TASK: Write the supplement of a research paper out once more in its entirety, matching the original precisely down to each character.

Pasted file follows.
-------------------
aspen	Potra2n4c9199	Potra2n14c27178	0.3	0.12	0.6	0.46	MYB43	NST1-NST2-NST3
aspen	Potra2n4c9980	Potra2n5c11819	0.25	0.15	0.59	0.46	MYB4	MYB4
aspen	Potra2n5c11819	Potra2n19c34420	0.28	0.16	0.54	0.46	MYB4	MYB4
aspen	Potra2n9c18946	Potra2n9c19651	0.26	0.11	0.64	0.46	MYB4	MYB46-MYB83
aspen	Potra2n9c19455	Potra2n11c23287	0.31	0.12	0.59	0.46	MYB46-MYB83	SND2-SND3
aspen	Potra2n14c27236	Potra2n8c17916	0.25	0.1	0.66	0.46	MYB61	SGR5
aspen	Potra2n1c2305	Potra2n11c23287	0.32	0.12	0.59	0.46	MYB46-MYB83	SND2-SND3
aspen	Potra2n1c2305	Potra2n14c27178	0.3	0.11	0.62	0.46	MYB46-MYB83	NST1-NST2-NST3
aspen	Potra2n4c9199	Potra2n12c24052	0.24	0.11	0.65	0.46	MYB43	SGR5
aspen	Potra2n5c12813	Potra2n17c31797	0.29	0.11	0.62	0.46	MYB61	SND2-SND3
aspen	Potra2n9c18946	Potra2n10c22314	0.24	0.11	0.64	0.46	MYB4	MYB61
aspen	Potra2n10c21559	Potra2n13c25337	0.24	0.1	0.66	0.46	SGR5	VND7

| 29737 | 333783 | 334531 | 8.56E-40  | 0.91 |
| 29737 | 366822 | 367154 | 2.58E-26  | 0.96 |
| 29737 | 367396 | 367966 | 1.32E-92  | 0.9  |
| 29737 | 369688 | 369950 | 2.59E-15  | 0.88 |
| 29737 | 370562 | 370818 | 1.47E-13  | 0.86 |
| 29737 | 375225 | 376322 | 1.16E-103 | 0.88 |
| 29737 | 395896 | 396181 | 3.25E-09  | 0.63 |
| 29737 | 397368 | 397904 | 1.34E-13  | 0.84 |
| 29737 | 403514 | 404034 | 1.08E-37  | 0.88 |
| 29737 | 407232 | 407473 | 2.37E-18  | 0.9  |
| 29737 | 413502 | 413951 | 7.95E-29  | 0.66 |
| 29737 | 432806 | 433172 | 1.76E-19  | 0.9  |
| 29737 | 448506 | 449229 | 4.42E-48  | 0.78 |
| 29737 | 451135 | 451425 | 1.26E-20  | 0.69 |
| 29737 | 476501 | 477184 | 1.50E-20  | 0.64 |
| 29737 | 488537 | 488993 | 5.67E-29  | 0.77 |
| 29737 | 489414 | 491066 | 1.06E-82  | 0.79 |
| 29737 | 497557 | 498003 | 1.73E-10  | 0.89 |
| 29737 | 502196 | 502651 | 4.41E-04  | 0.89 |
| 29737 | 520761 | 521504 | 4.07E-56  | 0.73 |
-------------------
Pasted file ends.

aspen	Potra2n4c9199	Potra2n14c27178	0.3	0.12	0.6	0.46	MYB43	NST1-NST2-NST3
aspen	Potra2n4c9980	Potra2n5c11819	0.25	0.15	0.59	0.46	MYB4	MYB4
aspen	Potra2n5c11819	Potra2n19c34420	0.28	0.16	0.54	0.46	MYB4	MYB4
aspen	Potra2n9c18946	Potra2n9c19651	0.26	0.11	0.64	0.46	MYB4	MYB46-MYB83
aspen	Potra2n9c19455	Potra2n11c23287	0.31	0.12	0.59	0.46	MYB46-MYB83	SND2-SND3
aspen	Potra2n14c27236	Potra2n8c17916	0.25	0.1	0.66	0.46	MYB61	SGR5
aspen	Potra2n1c2305	Potra2n11c23287	0.32	0.12	0.59	0.46	MYB46-MYB83	SND2-SND3
aspen	Potra2n1c2305	Potra2n14c27178	0.3	0.11	0.62	0.46	MYB46-MYB83	NST1-NST2-NST3
aspen	Potra2n4c9199	Potra2n12c24052	0.24	0.11	0.65	0.46	MYB43	SGR5
aspen	Potra2n5c12813	Potra2n17c31797	0.29	0.11	0.62	0.46	MYB61	SND2-SND3
aspen	Potra2n9c18946	Potra2n10c22314	0.24	0.11	0.64	0.46	MYB4	MYB61
aspen	Potra2n10c21559	Potra2n13c25337	0.24	0.1	0.66	0.46	SGR5	VND7

| 29737 | 333783 | 334531 | 8.56E-40  | 0.91 |
| 29737 | 366822 | 367154 | 2.58E-26  | 0.96 |
| 29737 | 367396 | 367966 | 1.32E-92  | 0.9  |
| 29737 | 369688 | 369950 | 2.59E-15  | 0.88 |
| 29737 | 370562 | 370818 | 1.47E-13  | 0.86 |
| 29737 | 375225 | 376322 | 1.16E-103 | 0.88 |
| 29737 | 395896 | 396181 | 3.25E-09  | 0.63 |
| 29737 | 397368 | 397904 | 1.34E-13  | 0.84 |
| 29737 | 403514 | 404034 | 1.08E-37  | 0.88 |
| 29737 | 407232 | 407473 | 2.37E-18  | 0.9  |
| 29737 | 413502 | 413951 | 7.95E-29  | 0.66 |
| 29737 | 432806 | 433172 | 1.76E-19  | 0.9  |
| 29737 | 448506 | 449229 | 4.42E-48  | 0.78 |
| 29737 | 451135 | 451425 | 1.26E-20  | 0.69 |
| 29737 | 476501 | 477184 | 1.50E-20  | 0.64 |
| 29737 | 488537 | 488993 | 5.67E-29  | 0.77 |
| 29737 | 489414 | 491066 | 1.06E-82  | 0.79 |
| 29737 | 497557 | 498003 | 1.73E-10  | 0.89 |
| 29737 | 502196 | 502651 | 4.41E-04  | 0.89 |
| 29737 | 520761 | 521504 | 4.07E-56  | 0.73 |